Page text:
Bridging the Gap, or Building Walls? The Hidden Impact of “Bridge Supervision”

Imagine being a manager, but your boss works in a completely different world. No water cooler chats, no hallway encounters, just the sterile distance of video calls and emails. This is the reality of “bridge supervision,” a growing trend where managers and bosses exist in separate social networks within the same company.
While technology makes bridge supervision increasingly common, a recent study published in the Academy of Management Journal, titled “Bridge Supervision: Correlates of a Boss on the Far Side of a Structural Hole,” raises some intriguing questions. Does this remote boss-manager relationship affect how managers operate and ultimately, how effective they are?

The Study’s Findings:

The research, conducted in a traditional corporate hierarchy, reveals fascinating insights:

  • Managerial Isolation: Managers under bridge supervision tend to exclude their boss from work discussions and limit emotional expression. They operate in a self-contained bubble, potentially hindering collaboration and feedback.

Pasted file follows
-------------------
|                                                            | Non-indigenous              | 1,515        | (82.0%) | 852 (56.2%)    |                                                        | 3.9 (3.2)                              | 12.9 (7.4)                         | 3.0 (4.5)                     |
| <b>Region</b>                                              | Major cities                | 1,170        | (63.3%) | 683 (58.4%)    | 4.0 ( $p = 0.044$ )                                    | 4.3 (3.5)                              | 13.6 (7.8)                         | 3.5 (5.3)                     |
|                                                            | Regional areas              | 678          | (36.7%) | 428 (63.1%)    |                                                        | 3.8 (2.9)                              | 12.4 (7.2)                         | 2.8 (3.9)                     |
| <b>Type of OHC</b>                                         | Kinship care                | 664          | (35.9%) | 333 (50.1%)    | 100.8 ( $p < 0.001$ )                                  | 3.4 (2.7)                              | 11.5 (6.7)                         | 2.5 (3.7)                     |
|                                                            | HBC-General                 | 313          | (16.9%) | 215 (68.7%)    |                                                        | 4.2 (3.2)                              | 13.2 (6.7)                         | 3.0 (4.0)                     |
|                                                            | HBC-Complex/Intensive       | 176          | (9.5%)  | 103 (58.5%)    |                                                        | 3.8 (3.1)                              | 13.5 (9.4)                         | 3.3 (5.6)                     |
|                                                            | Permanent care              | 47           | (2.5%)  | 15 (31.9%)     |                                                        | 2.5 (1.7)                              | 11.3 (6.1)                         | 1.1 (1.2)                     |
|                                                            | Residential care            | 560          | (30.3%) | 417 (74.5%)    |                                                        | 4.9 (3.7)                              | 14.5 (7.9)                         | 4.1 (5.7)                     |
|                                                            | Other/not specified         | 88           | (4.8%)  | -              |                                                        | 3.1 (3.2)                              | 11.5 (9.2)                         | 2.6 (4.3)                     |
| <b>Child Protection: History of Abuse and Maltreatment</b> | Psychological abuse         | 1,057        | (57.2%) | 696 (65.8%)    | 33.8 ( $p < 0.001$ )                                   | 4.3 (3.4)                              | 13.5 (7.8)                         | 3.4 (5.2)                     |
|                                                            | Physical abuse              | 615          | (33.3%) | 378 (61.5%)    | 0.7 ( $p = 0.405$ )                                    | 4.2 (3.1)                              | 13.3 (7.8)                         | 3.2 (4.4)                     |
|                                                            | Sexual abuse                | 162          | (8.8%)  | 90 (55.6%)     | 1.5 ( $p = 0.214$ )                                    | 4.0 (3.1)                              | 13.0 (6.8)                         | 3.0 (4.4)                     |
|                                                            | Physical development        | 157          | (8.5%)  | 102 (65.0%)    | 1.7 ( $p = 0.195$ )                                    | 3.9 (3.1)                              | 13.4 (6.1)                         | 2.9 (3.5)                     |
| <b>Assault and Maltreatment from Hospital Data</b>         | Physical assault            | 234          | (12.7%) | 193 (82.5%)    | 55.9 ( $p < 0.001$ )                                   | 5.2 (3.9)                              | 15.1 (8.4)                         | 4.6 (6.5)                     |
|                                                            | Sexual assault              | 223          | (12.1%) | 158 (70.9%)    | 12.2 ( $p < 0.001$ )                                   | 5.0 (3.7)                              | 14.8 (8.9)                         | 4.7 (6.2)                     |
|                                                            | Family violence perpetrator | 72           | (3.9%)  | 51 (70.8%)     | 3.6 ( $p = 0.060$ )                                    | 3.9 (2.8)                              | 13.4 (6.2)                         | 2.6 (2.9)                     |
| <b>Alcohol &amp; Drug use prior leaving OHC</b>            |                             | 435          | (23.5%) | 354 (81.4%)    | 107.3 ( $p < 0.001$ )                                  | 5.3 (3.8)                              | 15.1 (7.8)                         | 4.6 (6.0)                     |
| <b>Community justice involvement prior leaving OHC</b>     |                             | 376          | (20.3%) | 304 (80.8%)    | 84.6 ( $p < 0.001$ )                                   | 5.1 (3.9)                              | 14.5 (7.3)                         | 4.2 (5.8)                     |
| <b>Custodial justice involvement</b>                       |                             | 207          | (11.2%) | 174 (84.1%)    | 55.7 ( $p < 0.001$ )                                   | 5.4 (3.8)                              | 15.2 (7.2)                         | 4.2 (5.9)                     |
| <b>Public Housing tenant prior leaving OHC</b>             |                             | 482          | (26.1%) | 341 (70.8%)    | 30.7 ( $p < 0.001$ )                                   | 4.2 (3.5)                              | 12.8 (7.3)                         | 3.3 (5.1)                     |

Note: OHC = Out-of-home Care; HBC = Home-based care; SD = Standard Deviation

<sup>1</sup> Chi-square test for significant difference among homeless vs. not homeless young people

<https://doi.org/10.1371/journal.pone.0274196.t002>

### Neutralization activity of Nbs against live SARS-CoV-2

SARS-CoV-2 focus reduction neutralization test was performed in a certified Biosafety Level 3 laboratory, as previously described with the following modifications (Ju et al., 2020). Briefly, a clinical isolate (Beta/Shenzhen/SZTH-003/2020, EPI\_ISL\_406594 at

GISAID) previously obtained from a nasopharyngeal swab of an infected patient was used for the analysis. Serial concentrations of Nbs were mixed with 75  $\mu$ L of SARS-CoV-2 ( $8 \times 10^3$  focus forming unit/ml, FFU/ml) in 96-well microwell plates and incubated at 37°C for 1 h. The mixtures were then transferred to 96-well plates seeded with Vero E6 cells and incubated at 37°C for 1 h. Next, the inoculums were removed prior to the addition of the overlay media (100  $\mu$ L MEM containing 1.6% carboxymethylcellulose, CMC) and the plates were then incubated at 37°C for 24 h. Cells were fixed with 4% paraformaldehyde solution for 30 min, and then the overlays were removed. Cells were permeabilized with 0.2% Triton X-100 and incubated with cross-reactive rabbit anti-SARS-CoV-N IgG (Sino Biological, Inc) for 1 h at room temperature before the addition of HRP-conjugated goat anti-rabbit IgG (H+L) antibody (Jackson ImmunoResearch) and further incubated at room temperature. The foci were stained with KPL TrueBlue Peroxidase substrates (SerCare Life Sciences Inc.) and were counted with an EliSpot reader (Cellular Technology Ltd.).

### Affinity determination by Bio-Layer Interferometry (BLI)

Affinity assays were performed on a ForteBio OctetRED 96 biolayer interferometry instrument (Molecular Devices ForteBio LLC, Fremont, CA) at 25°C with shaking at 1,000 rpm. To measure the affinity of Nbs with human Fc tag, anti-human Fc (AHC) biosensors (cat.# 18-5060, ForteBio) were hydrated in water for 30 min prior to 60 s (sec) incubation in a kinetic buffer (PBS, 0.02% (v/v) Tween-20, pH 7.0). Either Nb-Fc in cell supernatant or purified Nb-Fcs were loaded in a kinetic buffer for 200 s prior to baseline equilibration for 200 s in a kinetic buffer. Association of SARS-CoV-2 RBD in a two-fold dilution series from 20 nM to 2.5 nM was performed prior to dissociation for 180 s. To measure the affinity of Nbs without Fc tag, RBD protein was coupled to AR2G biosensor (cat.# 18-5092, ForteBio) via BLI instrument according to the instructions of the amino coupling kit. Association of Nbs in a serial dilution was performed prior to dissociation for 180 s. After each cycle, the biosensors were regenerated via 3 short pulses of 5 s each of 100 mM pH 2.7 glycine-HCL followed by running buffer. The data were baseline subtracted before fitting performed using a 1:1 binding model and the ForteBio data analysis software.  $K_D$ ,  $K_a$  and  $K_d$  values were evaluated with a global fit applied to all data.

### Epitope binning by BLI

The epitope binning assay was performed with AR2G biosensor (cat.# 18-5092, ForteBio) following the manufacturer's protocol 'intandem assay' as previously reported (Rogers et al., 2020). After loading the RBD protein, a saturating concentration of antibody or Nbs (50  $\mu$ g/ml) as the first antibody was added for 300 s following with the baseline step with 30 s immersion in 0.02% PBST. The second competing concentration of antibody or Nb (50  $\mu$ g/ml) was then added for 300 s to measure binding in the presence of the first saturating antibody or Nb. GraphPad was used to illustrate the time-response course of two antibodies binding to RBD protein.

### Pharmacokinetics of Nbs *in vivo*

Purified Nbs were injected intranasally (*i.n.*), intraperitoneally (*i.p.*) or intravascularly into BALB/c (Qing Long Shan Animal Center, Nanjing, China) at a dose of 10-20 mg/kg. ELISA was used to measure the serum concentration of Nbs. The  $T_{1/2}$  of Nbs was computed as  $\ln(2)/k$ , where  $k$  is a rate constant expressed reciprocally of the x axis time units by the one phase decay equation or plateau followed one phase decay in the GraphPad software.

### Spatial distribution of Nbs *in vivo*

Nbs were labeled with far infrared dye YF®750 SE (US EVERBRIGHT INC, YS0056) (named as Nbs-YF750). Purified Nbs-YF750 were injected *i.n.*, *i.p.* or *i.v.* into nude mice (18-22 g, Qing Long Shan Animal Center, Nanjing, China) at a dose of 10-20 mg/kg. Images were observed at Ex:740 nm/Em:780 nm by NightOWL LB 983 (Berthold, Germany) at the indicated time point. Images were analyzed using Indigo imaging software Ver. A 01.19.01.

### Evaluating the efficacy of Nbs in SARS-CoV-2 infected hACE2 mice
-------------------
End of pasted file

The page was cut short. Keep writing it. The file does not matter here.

• Style, Not Performance: Despite these changes in manager behavior, the study surprisingly found no significant difference in performance between managers under bridge supervision and those with more traditional, “embedded” relationships with their bosses.
  • Familiar Factors Matter: Compensation and presenting good ideas, proven predictors of success in other scenarios, remain important for managers regardless of supervision style.

Implications and Questions:

This research paves the way for further exploration into the nuances of bridge supervision:

  • Are there specific tasks or industries where bridge supervision impacts performance more prominently?
  • How can organizations leverage technology to foster connection and communication in bridge supervision situations?
  • What additional factors beyond style influence a manager’s effectiveness?


While bridge supervision may not automatically lead to performance dips, it does alter how managers function within their teams. Understanding these psychological and social dynamics is crucial for organizations navigating this growing trend. By bridging the gap between remote bosses and their on-the-ground managers, companies can ensure effective leadership and a thriving work environment for all.

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